Prince William 'Could Have Gone Further' on Slavery—U.K. Opposition Leader

The leader of the opposition for the U.K government, Sir Keir Starmer, has said that Prince William "could have gone further" in expressing his sorrow over slavery in a speech given by the royal in Jamaica last week.

Starmer, leader of the U.K's Labour Party, made the comments during a radio show on Britain's LBC network on Monday.

The comments follow William and Kate Middleton's highly publicized tour of the Caribbean, taking in visits to Belize, Jamaica and the Bahamas. The tour has faced widespread criticism for a series of PR blunders which included the royals being photographed next to local children held back behind a wire fence.

At each stop of their tour, the couple was also almost met with a series of protests calling for the royal family to acknowledge and apologize for the role their ancestors played in the slave trade and to negotiate reparations.

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Prince William and Kate Middleton reviewed a military parade from a Land Rover during their visit to Jamaica. March 24, 2022. Chris Jackson/Getty Images

In a speech given at a reception in Jamaica, William addressed the topic of slavery, calling it a "stain" on "our history" and saying that the practice is "abhorrent" and "should never have happened."

Speaking of this commentary, Starmer told LBC listeners that he felt William "could have gone further... it's a difficult one... I think that he may go further in the future."

William's comments did not go far enough for protesters who continued to turn out at the following stop of the tour in the Bahamas. It was here, during the final speech of the tour, that William addressed a wider movement among Caribbean islands debating whether to remove the queen as their head of state as Barbados most recently did in 2021.

He said: "With Jamaica celebrating 60 years of independence this year, and Belize celebrating 40 years of independence last year, I want to say this: We support with pride and respect your decisions about your future. Relationships evolve. Friendship endures."

Speaking on LBC, Starmer acknowledged that the tour placed William and Kate in a difficult position.

Starmer said: "William and Kate went on an important trip with important messages, including messages about the changing nature of the Commonwealth going forward and that is difficult."

The leader then went on to address the poor PR opportunities that arose during the tour, chief among them an appearance at which William and Kate drove in the back of an open Land Rover to review a military engagement in Jamaica. The resulting images from the event have been compared to those taken of monarchs during the days of empire.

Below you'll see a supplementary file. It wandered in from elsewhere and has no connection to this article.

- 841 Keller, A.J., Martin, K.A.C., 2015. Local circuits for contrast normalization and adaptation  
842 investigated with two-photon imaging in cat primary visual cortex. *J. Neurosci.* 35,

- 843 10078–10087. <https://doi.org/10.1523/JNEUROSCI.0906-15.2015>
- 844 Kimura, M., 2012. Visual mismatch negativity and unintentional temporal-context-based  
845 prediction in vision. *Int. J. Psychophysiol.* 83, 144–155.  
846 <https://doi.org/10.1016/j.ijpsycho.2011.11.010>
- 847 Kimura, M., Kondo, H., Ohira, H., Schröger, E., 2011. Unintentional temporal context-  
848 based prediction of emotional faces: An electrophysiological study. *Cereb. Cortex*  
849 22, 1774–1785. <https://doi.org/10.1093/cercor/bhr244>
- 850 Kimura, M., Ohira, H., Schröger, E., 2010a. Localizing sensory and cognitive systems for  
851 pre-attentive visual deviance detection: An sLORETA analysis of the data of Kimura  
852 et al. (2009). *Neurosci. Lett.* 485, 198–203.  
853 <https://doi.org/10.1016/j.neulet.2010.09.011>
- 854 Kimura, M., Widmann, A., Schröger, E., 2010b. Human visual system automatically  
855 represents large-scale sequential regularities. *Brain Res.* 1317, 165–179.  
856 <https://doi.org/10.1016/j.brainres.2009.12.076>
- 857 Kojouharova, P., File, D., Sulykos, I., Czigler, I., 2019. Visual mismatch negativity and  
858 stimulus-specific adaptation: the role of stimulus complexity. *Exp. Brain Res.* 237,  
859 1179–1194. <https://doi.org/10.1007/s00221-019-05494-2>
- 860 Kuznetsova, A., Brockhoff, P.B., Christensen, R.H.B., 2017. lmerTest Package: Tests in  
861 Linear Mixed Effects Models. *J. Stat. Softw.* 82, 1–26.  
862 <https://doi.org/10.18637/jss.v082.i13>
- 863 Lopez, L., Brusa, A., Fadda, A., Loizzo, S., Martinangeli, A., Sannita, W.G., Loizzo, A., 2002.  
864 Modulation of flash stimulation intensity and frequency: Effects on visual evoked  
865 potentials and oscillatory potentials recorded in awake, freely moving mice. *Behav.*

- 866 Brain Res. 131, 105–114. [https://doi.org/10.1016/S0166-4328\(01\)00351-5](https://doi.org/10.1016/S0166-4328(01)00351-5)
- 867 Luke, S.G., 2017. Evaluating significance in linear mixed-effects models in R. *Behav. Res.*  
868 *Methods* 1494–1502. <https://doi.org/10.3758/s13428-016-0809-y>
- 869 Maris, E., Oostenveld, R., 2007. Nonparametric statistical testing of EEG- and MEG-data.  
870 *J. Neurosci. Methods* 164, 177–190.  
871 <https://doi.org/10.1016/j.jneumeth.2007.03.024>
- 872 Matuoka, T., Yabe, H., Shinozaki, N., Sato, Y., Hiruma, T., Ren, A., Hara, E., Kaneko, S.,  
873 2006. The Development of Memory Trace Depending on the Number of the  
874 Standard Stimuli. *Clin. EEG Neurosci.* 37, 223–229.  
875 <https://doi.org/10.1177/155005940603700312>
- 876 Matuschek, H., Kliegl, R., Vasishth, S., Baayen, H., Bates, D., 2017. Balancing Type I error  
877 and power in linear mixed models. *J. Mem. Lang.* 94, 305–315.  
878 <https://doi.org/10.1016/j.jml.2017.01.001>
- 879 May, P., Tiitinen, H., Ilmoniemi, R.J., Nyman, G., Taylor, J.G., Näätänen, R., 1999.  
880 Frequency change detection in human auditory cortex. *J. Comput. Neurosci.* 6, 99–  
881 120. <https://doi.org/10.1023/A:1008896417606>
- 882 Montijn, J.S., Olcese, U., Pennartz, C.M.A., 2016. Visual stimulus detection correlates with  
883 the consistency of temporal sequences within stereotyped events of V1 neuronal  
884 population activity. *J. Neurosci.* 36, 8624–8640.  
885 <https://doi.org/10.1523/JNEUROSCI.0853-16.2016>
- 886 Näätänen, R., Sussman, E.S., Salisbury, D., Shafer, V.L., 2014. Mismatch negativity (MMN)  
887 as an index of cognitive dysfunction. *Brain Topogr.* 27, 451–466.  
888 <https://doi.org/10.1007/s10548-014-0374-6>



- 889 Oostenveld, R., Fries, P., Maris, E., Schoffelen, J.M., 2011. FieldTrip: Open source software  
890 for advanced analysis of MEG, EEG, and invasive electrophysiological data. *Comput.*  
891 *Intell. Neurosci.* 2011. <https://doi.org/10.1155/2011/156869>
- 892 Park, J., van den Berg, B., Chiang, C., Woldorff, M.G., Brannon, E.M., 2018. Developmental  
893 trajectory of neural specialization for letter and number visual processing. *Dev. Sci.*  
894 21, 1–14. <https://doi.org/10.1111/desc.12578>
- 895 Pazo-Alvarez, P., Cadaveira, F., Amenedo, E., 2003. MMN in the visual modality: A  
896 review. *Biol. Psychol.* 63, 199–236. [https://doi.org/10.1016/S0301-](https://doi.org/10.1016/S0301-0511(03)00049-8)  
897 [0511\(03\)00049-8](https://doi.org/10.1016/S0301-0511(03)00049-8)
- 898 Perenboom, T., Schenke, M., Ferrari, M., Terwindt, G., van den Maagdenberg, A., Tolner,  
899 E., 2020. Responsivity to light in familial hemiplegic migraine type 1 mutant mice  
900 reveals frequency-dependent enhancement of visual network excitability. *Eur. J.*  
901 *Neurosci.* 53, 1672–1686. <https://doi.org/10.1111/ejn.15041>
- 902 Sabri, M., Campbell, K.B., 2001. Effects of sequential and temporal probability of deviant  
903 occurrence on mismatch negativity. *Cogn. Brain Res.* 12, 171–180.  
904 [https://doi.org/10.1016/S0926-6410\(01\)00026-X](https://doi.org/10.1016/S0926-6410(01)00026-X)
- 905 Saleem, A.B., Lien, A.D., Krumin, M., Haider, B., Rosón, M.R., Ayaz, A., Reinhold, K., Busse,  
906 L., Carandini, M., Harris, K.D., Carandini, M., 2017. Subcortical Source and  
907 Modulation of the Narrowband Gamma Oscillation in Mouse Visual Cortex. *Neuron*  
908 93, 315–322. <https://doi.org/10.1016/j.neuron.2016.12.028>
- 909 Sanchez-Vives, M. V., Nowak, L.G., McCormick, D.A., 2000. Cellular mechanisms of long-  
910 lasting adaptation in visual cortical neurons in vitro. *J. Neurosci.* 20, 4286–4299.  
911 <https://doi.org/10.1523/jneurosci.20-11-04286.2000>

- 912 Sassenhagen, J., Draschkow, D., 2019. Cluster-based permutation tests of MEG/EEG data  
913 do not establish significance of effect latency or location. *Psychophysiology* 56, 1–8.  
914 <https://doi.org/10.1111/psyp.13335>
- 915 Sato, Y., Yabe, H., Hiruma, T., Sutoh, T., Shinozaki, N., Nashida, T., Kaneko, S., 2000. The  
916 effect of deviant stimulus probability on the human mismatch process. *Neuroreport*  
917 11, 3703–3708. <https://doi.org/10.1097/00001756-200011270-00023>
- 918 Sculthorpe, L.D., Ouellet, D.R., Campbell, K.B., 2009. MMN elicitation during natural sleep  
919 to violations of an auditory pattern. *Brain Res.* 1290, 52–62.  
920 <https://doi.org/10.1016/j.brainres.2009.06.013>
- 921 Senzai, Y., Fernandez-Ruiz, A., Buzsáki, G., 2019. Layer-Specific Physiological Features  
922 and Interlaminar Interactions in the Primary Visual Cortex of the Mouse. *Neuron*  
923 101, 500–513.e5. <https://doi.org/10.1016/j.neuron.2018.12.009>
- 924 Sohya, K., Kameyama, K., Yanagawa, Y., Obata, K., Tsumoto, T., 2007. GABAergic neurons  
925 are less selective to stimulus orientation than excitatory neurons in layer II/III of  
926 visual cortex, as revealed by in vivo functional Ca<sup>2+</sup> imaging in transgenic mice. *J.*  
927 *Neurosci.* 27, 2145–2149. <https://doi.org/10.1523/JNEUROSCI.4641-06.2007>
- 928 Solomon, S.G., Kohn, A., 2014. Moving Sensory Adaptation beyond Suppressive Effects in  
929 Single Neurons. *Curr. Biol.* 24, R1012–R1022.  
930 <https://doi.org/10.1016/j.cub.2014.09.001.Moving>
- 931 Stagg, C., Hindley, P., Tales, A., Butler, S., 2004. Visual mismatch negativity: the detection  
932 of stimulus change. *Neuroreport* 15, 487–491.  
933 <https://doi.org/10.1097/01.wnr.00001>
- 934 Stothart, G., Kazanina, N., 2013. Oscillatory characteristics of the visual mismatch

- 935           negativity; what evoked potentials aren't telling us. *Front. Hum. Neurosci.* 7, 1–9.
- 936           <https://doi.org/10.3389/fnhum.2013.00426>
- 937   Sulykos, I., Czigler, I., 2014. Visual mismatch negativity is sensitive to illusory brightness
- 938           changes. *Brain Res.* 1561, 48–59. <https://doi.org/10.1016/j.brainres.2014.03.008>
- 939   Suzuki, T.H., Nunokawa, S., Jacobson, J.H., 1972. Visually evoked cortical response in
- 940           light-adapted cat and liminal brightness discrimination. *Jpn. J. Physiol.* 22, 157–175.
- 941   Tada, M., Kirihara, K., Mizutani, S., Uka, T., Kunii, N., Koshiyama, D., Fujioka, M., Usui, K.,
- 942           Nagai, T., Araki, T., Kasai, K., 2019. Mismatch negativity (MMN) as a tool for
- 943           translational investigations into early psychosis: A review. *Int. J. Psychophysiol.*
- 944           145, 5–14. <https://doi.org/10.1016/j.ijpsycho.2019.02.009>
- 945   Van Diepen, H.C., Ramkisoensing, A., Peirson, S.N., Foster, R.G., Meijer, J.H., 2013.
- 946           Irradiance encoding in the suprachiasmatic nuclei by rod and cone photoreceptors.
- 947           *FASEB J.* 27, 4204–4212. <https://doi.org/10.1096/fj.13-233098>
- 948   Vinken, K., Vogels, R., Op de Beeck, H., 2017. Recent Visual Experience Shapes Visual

Starmer told LBC: "What William and Kate are doing—which I applaud—is saying, 'we're looking to the future,' but [the images taken during the military parade] all harked of the past so I don't see how that actually fit that well with the aim of their trip."

Since the final day of the royal tour on Saturday there has been widespread discussion of the political and social issues raised in relation to the monarchy and the Caribbean. Some royal commentators, including Jan Moir for the Daily Mail, have signaled William and Kate's visit as one of the last of its kind.

Moir told readers: "What this week showed is that the days of the big royal overseas visit are surely numbered... The very idea that the royal family should sally forth, in all their finery and jewels, to faraway lands to meet people they expect to bow and curtsey to them, or pay homage at the very least, is an increasing absurdity."

William reaffirmed his and Kate's commitment to the Commonwealth in his final Bahamas speech, also addressing the fact that he may never become its head as the title is not one automatically inherited on becoming king. In 2018, Commonwealth leaders had to vote to confirm that Prince Charles would accede to the position after the queen's death.

William said: "Catherine and I are committed to service. For us that's not telling people what to do. It is about serving and supporting them in whatever way they think best, by using the platform we are lucky to have.

"It is why tours such as this reaffirm our desire to serve the people of the Commonwealth and to listen to communities around the world. Who the Commonwealth chooses to lead its family in the future isn't what is on my mind.

"What matters to us is the potential the Commonwealth family has to create a better future for the people who form it, and our commitment to serve and support as best we can."

To this end Starmer made the assessment that: "In the end William and Kate are right that time changes things and we need to make sure that relationship is fit for the future as well as the past."

Elizabeth II is head of state in 15 countries, eight of which are in the Caribbean. William and Kate's tour to the area is followed by the queen's youngest son Prince Edward and his wife, who will tour Antigua and Barbuda, Grenada, St. Lucia, and St. Vincent and the Grenadines in April marking the monarch's Platinum Jubilee.

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Sir Keir Starmer (L) has said that Prince William (R) "could have gone further" with his comments regarding slavery on his Caribbean tour. Starmer photographed at a party conference, January 4, 2022. Prince William photographed in Jamaica, March 24, 2022. Christopher Furlong/Getty Images/Pool/Samir Hussein/WireImage